The report praises emerging good practice in ‘work by Trivallis and Merthyr Valleys Homes to engage with tenants and seek to understand local affordability issues’. However, it was clear that landlords are not exploiting flexibilities in the current system ‘with too many in effect ‘sheltering’ behind the current policy and failing to develop their own rent policies’. The panel agreed with the Heriot-Watt report on an annual limit on the locational index for any area and on the case for an upward differential for bungalows relative to flats.

Overall, the panel says an annual rent settlement is ‘not helpful’ and calls for a longer-term, five-year policy to run from 2020/21 to 2024/25 and for successive five-year periods. When this in in place, Welsh Government could consider progress on other issues and the case for further freedoms.

The panel says that what the precise rent policy should be is ‘a political decision depending on where Wales wish to be positioned’. However, it believes there is ‘little justification for anything above CPI plus 1%’ given that is what will apply in England from 2020/21.

It concludes:

‘The panel recognises that unless landlords achieve more cost savings then lower rent settlements will mean lower surpluses and thus potentially less capacity for new development. However, a truly sustainable social housing sector has to put tenant affordability as a priority. The recommendations made here offer landlords the potential of a longer term and better settlement and one in which there will be more opportunities to make better use of resources.’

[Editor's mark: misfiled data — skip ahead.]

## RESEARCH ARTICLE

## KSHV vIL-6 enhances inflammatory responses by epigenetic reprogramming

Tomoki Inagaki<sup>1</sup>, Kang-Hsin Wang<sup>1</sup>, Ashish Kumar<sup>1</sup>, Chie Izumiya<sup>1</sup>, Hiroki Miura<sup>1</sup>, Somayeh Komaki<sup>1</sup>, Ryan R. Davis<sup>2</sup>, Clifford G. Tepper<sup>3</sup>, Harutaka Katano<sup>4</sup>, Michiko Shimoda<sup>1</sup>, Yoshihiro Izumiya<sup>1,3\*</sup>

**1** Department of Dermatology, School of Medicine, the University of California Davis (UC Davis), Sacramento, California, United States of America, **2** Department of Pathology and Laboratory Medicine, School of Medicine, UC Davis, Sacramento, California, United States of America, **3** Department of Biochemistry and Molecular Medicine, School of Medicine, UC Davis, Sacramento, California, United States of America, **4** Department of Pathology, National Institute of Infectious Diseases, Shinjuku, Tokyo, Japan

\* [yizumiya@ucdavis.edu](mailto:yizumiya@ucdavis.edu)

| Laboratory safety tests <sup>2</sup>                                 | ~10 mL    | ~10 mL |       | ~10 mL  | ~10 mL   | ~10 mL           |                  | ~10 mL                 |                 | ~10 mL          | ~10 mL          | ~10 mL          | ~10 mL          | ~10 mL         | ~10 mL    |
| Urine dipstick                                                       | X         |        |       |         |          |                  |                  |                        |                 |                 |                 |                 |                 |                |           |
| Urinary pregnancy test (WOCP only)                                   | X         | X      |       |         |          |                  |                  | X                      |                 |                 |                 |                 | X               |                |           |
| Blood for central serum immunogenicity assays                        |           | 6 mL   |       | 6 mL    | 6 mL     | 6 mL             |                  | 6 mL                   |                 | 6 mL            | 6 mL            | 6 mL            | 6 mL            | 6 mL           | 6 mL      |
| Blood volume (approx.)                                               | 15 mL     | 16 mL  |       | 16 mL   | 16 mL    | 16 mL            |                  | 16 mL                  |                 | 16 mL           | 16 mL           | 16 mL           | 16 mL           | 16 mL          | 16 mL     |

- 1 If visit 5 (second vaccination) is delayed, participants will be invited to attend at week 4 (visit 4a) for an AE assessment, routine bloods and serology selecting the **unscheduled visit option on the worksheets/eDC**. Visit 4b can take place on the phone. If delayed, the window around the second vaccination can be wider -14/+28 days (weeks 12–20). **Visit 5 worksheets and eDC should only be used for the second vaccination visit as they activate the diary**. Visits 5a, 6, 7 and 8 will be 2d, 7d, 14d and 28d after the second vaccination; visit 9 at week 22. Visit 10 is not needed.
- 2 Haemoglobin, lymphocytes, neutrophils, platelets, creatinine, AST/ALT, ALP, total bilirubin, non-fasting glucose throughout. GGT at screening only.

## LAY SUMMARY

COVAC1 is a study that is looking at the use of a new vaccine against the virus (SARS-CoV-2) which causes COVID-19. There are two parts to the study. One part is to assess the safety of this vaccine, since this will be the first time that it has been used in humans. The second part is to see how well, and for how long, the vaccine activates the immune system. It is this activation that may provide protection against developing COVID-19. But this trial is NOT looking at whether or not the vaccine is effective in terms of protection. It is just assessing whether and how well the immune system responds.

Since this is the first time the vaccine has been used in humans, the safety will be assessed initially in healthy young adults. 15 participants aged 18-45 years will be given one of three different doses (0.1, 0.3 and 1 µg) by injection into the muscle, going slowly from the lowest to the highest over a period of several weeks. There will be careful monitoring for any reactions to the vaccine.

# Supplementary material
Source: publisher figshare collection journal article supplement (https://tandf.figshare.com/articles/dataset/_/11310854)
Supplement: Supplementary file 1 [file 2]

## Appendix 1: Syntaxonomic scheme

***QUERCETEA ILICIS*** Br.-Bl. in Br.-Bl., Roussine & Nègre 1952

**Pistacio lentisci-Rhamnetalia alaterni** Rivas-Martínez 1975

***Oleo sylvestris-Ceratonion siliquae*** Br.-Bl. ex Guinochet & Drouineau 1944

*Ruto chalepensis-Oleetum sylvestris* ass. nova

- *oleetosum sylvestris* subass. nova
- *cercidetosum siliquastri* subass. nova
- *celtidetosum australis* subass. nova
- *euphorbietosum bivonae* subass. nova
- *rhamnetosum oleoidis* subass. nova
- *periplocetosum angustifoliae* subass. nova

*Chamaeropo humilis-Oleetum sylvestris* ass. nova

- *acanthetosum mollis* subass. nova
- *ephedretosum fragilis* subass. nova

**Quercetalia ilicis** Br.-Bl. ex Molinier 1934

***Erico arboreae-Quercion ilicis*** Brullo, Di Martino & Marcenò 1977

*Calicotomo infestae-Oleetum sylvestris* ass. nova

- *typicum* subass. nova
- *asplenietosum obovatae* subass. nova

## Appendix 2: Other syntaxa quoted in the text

Additional recommendations

  • Some landlords do not appear to fully understand or make use of the policy and the flexibility already provided. The panel agreed with Heriot Watt that the Welsh Government should provide case studies.
  • The panel fully endorsed the view that there should be better, more meaningful, engagement with tenants on rents. This was seen as a high priority for landlords and the regulator.
  • Living rents and other new approaches have potential and housing associations and local authorities should work with Welsh Government to develop these.
  • The Welsh Government and the Regulator should continue to monitor the rent regime on an annual basis and consider the case for further changes before the proposed initial five-year regime concludes in 2024/25.